Study Finds That Wikipedia Is Having a Really, Really Hard Time Keeping Its Editors

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Wikipedia has hit a roadblock, and it’s one unrelated to those once-ubiquitous “personal appeals” for funding by founder Jimmy Wales (you know what I’m talking about). This new problem is that Wikipedia, a site that relies on the public to create their content, is having trouble holding onto people who want to contribute to it.

According to a study published in the American Behavioral Science Journal, the number of Wikipedia’s English-language editors dropped 30% between 2006 and 2011, from 50,000 to 35,000. One of the major reasons for that is stricter standards for editors, meant to cut down on misinformation, that were introduced in 2007. That they would lead to a drop in contributors was expected. But, says lead researcher Aaron Halfaker, “What was most surprising was the scale of the problem.”

Says The Daily Dot:

“In 2006, only about 6 percent of ‘quality’ new editors had their contributions rejected—a.k.a. ‘reverted’ in Wikipedia lingo. In 2010, the number of contributions by new editors were being reverted at a rate of 1-in-4 by senior editors and the site’s own automated response systems.

Halfaker said that as a result, only about 11 percent of new editors have been staying on past their first two months, driving down the total number of contributors to the site. He said part of that has to do with the ‘nasty’ initial experience many new editors have.”

Another problem is a sort of unofficial hierarchy of editors, which often favors the edits made by veterans over newbies, making said newbies less inclined to stick around.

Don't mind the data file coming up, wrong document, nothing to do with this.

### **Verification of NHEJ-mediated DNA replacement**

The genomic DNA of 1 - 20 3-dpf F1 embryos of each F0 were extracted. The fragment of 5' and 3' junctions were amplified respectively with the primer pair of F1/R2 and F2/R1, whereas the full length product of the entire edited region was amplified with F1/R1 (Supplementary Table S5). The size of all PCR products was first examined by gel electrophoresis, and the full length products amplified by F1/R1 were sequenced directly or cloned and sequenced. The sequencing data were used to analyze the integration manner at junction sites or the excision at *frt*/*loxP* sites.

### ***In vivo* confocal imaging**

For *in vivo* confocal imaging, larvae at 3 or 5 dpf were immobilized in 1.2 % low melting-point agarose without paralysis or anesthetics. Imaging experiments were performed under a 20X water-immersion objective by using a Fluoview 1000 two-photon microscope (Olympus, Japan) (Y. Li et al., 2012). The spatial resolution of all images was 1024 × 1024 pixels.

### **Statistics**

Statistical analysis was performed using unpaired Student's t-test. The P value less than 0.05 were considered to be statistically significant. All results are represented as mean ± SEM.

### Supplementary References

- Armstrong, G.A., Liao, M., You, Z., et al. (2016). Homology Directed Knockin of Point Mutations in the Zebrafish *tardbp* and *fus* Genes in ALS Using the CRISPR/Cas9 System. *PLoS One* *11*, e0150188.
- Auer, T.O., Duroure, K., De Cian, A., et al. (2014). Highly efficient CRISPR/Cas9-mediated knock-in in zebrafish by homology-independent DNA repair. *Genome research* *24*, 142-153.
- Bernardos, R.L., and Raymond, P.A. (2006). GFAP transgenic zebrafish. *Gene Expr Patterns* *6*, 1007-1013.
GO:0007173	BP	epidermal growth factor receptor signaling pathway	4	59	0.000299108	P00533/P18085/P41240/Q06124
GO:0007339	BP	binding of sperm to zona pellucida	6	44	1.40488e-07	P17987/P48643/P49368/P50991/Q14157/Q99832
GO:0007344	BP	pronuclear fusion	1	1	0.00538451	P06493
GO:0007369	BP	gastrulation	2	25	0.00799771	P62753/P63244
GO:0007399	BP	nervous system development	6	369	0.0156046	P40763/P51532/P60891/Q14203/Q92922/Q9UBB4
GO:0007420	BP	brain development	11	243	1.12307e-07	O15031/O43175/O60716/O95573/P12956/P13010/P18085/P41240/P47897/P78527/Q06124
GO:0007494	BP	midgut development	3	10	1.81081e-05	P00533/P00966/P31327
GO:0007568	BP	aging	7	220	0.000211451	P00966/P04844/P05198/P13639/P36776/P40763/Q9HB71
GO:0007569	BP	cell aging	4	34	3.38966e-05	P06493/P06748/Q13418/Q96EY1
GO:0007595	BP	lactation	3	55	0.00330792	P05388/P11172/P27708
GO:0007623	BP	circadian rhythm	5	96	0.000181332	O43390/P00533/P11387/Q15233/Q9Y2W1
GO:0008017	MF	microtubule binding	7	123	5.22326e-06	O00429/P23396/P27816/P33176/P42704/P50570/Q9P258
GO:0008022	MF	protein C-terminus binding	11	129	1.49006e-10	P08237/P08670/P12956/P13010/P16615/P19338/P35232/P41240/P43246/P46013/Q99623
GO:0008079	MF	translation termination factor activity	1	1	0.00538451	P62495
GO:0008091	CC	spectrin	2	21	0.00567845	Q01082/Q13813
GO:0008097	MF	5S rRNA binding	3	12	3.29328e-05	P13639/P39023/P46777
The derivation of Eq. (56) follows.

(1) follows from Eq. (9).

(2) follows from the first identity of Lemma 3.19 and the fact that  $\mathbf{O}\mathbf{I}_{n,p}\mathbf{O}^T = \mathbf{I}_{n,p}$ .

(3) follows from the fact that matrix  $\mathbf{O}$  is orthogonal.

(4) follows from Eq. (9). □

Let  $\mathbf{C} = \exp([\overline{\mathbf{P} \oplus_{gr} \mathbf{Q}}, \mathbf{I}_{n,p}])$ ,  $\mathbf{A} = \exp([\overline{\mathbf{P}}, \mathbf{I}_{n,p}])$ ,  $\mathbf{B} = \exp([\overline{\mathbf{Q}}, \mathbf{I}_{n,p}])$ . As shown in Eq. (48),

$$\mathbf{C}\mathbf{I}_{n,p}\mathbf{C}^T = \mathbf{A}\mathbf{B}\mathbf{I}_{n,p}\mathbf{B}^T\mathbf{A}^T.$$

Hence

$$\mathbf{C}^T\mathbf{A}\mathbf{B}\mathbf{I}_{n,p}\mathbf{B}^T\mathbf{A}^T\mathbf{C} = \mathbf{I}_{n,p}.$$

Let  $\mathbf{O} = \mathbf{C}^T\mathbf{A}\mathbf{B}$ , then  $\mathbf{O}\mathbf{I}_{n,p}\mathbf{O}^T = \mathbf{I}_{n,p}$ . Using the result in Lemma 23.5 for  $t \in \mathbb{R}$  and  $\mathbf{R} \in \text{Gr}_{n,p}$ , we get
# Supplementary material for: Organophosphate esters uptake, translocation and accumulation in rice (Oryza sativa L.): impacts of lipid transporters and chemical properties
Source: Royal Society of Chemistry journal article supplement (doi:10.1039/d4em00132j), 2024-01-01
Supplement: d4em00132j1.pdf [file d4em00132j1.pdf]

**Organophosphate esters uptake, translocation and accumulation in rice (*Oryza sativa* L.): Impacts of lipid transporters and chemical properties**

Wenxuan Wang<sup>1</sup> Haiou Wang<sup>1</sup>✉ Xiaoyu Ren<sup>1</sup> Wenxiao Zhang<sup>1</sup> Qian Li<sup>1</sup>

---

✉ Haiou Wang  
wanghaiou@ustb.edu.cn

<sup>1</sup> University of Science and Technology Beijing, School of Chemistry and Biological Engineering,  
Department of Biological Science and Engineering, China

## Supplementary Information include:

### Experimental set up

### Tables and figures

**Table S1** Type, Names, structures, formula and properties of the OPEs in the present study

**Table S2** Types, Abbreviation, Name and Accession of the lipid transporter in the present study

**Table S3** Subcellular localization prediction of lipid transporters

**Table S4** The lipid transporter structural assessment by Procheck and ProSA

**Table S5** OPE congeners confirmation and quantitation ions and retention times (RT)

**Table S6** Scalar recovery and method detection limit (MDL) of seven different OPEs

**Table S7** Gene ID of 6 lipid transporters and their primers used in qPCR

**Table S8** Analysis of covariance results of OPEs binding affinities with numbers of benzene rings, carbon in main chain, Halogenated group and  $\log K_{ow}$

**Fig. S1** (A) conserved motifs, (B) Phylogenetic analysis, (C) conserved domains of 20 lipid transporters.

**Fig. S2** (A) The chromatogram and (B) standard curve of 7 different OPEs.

“From what I can extrapolate from our models,” Hafalker says, “Wikipedia isn’t going to run short on contributors for at least five years. The Wikimedia Foundation has a team working on the problem, so hopefully we’ll never get to that point.” Among the initiatives already in place to keep new editors from getting frustrated and quitting are the Wikipedia Teahouse, “a many-to-many support space designed specifically for new editors.”

Hafalker admits that, as Wikipedia is the first of its kind, it’s unknown how (or if) having a smaller number of editors affects the quality of information found on the site.

Normally I’d say that this wasn’t a big deal—the site’s been around for 11 years, an eternity in Internet time, and contributions were bound to drop off. But losing 15,000 editors in five years? That seems major. At least Wikipedia is aware of the problem and is taking action to turn things around. I’d hate to think that such a wonderful resource for time-wastage and research (but always be sure to fact-check what you find on Wikipedia, kids!) was in danger.

(via: The Daily Dot)

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